Human MATER and Idiopathic Infertility
Approximately 15 percent of couples experience infertility, yet no abnormalities can be detected in the man or the woman. In a number of couples, their embryos unexpectedly slow down growth or stop growth completely. Some of these situations may be genetically determined. For instance, a portion of cases may be caused by poor egg quality related to genetic or functional deficiencies in heretofore unidentified human maternal effect genes. A model has been developed of such unexplained fertility by creating a mouse line lacking a critical maternal effect gene. (Maternal effect genes produce mRNA or proteins that accumulate in the egg and are required for normal early embryonic development.) This pilot project will test the hypothesis that a similar defect may be a cause of human infertility.
Thirty cubic centimeters of blood will be collected from 40 women who have a clinical history consistent with a defective maternal effect gene. DNA from these blood cells will be examined and stored. Some of the blood cells will be treated so that they can be frozen and grown in the laboratory to produce more DNA in the future. If certain mutations are not found, that means that the prevalence of such mutations is less than 10 percent, and investigators may initiate another study with 100 women. If a common mutation is found in at least four patients, the investigators will seek to collect DNA from 150 normal fertile control women for comparison.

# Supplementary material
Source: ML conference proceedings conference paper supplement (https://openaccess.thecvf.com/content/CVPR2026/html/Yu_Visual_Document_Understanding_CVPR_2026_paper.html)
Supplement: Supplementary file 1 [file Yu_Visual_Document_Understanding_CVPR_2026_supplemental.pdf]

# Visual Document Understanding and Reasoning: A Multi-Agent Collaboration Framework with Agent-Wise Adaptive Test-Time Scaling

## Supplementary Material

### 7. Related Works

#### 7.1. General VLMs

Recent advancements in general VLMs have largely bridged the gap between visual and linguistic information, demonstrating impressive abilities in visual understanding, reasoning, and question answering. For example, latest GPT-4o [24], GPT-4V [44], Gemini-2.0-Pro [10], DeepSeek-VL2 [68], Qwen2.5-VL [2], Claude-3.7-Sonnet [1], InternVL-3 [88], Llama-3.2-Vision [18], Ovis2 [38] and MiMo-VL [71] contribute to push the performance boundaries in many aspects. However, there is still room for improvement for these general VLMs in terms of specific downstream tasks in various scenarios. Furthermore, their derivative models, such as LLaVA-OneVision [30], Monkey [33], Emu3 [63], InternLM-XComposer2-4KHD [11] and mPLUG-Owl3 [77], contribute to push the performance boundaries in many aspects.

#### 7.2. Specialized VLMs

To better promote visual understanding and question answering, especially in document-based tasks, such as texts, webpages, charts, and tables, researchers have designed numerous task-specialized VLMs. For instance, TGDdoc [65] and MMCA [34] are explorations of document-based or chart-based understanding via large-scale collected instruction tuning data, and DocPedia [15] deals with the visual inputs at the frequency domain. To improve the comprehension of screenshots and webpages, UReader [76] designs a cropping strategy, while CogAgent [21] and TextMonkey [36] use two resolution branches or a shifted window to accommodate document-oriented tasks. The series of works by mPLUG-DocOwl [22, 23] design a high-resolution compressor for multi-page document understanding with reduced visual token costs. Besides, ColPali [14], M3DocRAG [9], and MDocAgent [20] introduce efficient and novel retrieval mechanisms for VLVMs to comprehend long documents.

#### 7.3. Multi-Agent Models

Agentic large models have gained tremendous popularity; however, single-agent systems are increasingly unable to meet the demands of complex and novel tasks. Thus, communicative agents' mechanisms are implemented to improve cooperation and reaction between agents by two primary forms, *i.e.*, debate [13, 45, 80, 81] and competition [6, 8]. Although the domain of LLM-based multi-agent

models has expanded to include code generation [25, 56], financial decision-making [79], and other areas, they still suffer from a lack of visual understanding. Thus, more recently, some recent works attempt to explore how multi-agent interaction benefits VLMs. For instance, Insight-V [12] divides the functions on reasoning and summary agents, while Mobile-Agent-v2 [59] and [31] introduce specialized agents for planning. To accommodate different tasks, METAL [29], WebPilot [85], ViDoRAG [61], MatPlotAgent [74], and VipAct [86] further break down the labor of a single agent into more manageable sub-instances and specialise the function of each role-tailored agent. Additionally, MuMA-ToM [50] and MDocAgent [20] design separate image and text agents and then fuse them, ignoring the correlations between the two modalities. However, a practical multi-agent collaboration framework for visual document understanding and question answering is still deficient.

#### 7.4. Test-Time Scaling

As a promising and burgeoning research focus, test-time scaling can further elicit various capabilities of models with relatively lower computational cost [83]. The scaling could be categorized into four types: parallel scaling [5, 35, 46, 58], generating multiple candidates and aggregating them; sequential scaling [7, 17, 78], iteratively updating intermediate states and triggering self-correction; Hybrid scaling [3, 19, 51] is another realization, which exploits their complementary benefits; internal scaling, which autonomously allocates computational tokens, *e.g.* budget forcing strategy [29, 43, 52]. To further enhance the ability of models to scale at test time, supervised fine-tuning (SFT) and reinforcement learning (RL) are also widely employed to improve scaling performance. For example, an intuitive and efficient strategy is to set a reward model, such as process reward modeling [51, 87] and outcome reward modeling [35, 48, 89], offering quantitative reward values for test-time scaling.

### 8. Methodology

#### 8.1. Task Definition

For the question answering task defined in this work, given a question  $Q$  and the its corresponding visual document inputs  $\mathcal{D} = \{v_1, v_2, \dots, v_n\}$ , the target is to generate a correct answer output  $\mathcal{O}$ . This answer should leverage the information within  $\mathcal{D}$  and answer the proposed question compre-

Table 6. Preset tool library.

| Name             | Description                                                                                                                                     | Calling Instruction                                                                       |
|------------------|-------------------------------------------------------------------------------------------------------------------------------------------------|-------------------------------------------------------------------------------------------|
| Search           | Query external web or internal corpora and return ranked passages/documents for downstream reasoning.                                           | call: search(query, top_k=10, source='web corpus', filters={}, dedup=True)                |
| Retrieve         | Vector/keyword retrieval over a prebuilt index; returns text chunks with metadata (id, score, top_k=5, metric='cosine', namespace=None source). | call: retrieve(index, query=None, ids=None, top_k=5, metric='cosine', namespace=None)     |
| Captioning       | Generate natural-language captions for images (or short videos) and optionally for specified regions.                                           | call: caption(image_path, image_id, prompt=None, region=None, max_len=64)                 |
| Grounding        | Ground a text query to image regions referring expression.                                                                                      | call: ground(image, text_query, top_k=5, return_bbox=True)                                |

This project is purely investigational; therefore, findings will not be shared with participants.
|Official Title:||Human MATER and Idiopathic Infertility|
|Study Start Date:||May 2002|
|Estimated Study Completion Date:||March 2011|
The pilot investigation will examine the hypothesis that human infertility may be caused by mutations in the human MATER gene. We will determine the prevalence of these mutations in a select group of women who have a clinical infertility history consistent with a possible defect in a maternal effect gene. After obtaining informed consent and DNA from 100 women, relevant mutations in the MATER gene will be searched for by single strand conformation polymorphism analysis.
|United States, Maryland|
|National Institutes of Health Clinical Center, 9000 Rockville Pike|
|Bethesda, Maryland, United States, 20892|